The Role of Air Nicotine in Explaining Racial Differences in Cotinine Among Tobacco-Exposed Children

Stephen E. Wilson, MD, MSc; Robert S. Kahn, MD, MPH; Jane Khoury, PhD; Bruce P. Lanphear, MD, MPH


CHEST. 2007;131(3):856-862. 

In This Article


While prior studies have explored racial differences in cotinine using parent-reported levels of ETS exposure, this is the first study to our knowledge that actively measured levels of tobacco smoke in the home. Using air nicotine as an objective measure of exposure, we confirmed and extended the findings of previous studies[10,12,16,28] that showed racial differences in serum cotinine among children exposed to ETS. In this cohort of ETS-exposed children with asthma, the African-American participants had significantly higher levels of cotinine in serum and hair compared with white children. Racial differences in both hair and serum cotinine were robust even after accounting for a number of demographic factors and exposure levels outside of the home. Specifically, African-American children lived in smaller homes when compared with white children, which could have concentrated their exposure to ETS. Even when household volume was included in the model, African-American race remained an independent predictor of higher cotinine levels. Using air nicotine as an objective measure of exposure enhances our confidence in these results.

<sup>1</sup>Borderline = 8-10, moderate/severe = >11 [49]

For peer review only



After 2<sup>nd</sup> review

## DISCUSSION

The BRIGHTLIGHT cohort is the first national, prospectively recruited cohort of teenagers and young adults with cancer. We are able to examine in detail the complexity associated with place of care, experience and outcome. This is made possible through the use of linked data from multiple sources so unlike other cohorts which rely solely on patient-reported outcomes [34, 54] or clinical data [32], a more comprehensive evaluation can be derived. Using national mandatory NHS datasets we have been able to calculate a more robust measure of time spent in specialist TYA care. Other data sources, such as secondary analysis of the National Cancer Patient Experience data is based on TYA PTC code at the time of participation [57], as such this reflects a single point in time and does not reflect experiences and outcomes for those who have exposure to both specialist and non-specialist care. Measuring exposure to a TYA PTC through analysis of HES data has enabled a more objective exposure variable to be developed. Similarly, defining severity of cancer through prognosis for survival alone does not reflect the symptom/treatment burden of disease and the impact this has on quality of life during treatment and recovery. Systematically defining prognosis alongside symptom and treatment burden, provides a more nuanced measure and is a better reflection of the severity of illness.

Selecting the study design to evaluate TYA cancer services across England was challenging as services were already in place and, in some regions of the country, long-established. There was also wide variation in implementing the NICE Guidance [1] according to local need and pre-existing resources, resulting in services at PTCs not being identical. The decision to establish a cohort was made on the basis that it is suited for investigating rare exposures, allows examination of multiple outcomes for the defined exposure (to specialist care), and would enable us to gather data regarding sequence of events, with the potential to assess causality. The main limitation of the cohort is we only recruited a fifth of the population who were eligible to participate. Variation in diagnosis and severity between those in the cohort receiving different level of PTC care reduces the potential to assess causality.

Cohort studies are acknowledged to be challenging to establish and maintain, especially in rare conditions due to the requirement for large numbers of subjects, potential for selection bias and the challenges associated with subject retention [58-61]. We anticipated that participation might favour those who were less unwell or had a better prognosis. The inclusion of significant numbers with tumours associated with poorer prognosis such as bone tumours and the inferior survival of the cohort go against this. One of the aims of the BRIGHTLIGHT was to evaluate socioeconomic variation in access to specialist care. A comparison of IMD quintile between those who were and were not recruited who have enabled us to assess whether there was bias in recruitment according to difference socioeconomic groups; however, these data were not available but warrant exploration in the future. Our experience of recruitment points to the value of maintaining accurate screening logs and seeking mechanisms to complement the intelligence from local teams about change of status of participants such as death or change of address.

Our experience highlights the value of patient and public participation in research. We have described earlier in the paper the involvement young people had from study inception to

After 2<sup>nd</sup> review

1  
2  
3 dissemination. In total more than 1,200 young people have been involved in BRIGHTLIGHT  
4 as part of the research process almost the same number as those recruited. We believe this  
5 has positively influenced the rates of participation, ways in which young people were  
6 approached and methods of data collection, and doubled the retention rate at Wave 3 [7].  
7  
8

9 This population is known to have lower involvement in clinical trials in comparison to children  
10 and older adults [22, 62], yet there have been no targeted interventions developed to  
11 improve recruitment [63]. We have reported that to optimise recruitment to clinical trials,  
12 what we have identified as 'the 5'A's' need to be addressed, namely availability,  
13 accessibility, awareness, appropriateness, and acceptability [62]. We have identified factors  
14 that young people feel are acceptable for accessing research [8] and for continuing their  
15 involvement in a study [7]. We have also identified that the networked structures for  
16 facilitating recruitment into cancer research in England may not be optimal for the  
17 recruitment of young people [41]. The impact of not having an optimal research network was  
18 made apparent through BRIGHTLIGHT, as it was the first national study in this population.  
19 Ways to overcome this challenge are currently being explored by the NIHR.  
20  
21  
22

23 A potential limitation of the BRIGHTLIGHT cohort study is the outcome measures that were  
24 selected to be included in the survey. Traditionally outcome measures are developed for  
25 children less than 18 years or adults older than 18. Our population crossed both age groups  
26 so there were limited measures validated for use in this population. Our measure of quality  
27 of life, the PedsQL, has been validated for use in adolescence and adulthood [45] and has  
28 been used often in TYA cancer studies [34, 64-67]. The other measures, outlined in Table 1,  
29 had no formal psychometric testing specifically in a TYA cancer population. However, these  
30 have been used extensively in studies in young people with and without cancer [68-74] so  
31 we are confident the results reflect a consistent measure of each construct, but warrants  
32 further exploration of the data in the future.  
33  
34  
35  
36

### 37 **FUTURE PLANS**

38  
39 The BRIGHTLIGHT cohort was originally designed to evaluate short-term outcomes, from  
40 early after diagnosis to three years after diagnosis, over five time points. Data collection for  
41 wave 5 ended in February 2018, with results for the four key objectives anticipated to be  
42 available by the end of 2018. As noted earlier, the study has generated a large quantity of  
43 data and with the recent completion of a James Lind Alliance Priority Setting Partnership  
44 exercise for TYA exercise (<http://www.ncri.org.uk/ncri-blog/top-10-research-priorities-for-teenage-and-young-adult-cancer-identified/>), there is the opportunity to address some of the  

There is convincing evidence for racial differences in the metabolism of tobacco toxins in the literature.[15,29,30,31] Benowitz et al[15] and Perez-Stable et al[32] demonstrated delayed excretion of cotinine among African-American smokers. Their results indicated that African-American smokers had a lower total cotinine clearance and nonrenal cotinine clearance. Of note, there were no significant differences in nicotine levels. The addition of menthol to tobacco products could impact racial differences in nicotine, carboxyhemoglobin, and cotinine. In a crossover trial, Benowitz et al[30] found that smoking mentholated tobacco products increased serum nicotine and carboxyhemoglobin concentrations in African Americans and lowered the levels in whites. Ahijevych et al[29] found that both African-American and white women who smoked mentholated tobacco products had higher serum cotinine levels than women who smoked nonmentholated products. Unfortunately, we did not collect data on whether children were exposed to mentholated cigarettes in this study.